You certainly know the names of authors in your genre who are not as successful or well-known, too. You want them on your list of potential blurbers because they will be more accessible than the genre stars.

Your list can include published fiction authors you know, as well.

Excerpts from editorial reviews generated by advance review copies sent to professional reviewers at magazines, newspapers, and respected online sites also qualify as influential blurbs.

Nonfiction endorsers

endorse your book 2
My blurb for Laura Laing’s “Math for Writers.”

You have more options with nonfiction, but that doesn’t make it easier. Possibilities include:

  • Recognized topic authorities
  • Industry thought-leaders
  • Satisfied customers who have applied principles outlined in the book
  • High-ranking officials and executives
  • Authors of other books on your topic
  • Celebrities with a connection to the topic, which might be a disease, issue, cause, hobby, or location

It’s never too early to think about who these people might be, so start a file for them no matter where you are in the publishing process.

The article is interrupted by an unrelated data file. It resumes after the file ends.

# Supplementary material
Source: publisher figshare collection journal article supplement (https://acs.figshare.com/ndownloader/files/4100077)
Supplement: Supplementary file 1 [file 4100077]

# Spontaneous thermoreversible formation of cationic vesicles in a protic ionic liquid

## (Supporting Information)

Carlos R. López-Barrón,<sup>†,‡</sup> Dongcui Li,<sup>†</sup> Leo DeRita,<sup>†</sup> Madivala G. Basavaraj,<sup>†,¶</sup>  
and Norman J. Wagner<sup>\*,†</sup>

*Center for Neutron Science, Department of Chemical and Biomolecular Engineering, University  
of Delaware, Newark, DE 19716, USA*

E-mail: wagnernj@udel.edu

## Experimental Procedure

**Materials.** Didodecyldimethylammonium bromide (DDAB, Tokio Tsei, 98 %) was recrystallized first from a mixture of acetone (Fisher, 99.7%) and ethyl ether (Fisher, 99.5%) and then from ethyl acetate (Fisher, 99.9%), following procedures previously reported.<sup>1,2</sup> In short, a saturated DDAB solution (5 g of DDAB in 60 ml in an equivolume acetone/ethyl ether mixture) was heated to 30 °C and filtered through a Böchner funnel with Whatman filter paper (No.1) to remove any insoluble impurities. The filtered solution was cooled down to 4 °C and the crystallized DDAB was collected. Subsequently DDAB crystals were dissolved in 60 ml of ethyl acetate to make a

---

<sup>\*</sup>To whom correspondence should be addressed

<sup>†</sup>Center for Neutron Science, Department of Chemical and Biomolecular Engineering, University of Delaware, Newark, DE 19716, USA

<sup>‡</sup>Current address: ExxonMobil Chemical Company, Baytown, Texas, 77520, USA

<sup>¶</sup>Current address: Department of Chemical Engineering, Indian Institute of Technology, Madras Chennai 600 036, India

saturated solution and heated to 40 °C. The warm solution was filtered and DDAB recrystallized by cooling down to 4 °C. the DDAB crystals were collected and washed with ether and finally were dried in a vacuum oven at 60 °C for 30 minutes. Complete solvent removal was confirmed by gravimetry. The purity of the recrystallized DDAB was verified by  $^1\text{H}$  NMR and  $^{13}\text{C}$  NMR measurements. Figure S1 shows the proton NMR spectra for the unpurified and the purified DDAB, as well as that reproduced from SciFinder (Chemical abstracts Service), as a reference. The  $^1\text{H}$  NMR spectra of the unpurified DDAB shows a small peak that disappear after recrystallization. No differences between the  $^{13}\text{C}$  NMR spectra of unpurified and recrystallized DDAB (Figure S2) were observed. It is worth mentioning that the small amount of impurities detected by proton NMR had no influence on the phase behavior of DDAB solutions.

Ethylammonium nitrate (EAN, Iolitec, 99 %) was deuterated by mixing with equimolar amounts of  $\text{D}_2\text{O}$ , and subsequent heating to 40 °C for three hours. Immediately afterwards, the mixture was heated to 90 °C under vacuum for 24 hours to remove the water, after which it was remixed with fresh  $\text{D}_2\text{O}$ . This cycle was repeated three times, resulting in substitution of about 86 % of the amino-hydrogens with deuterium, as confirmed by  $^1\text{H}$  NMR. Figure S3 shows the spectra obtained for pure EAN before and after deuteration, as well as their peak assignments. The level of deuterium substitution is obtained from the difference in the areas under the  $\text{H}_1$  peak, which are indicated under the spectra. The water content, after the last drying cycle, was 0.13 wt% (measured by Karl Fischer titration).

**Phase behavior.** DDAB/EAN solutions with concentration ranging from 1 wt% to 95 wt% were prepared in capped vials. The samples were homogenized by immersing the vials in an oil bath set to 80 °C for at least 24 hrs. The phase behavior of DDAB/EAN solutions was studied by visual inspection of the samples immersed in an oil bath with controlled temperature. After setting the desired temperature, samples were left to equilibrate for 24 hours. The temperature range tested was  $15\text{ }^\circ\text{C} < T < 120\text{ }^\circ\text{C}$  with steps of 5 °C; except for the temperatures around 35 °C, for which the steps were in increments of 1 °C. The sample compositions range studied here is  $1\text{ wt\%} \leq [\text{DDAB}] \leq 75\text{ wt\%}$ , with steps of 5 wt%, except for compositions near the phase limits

It’s a numbers game

How many people should you contact?

The answer depends on how many endorsements you want. Determine a reasonable and realistic number, then multiply that goal number by three.

You want to contact plenty of people because some won’t respond while others will decline.

What if you have a high goal and you hit it? No problem! Add them to the “Editorial Reviews” section of your Amazon sales page and the book’s inside front pages.

And don’t be concerned about the opposite – a less-than-thrilling response to your request. You only need one really good testimonial for the front or back cover.

Worst case scenario

What if nobody says “yes” and you’re left without any blurbs, endorsements, or testimonials?

That’s okay.

You won’t get the extra juice that comes with an endorsement, but there are worse things that can happen to your book.

They include doing nothing to promote it. Your book deserves marketing support, with or without endorsements. Keep working to make sure the people you wrote it for know about it.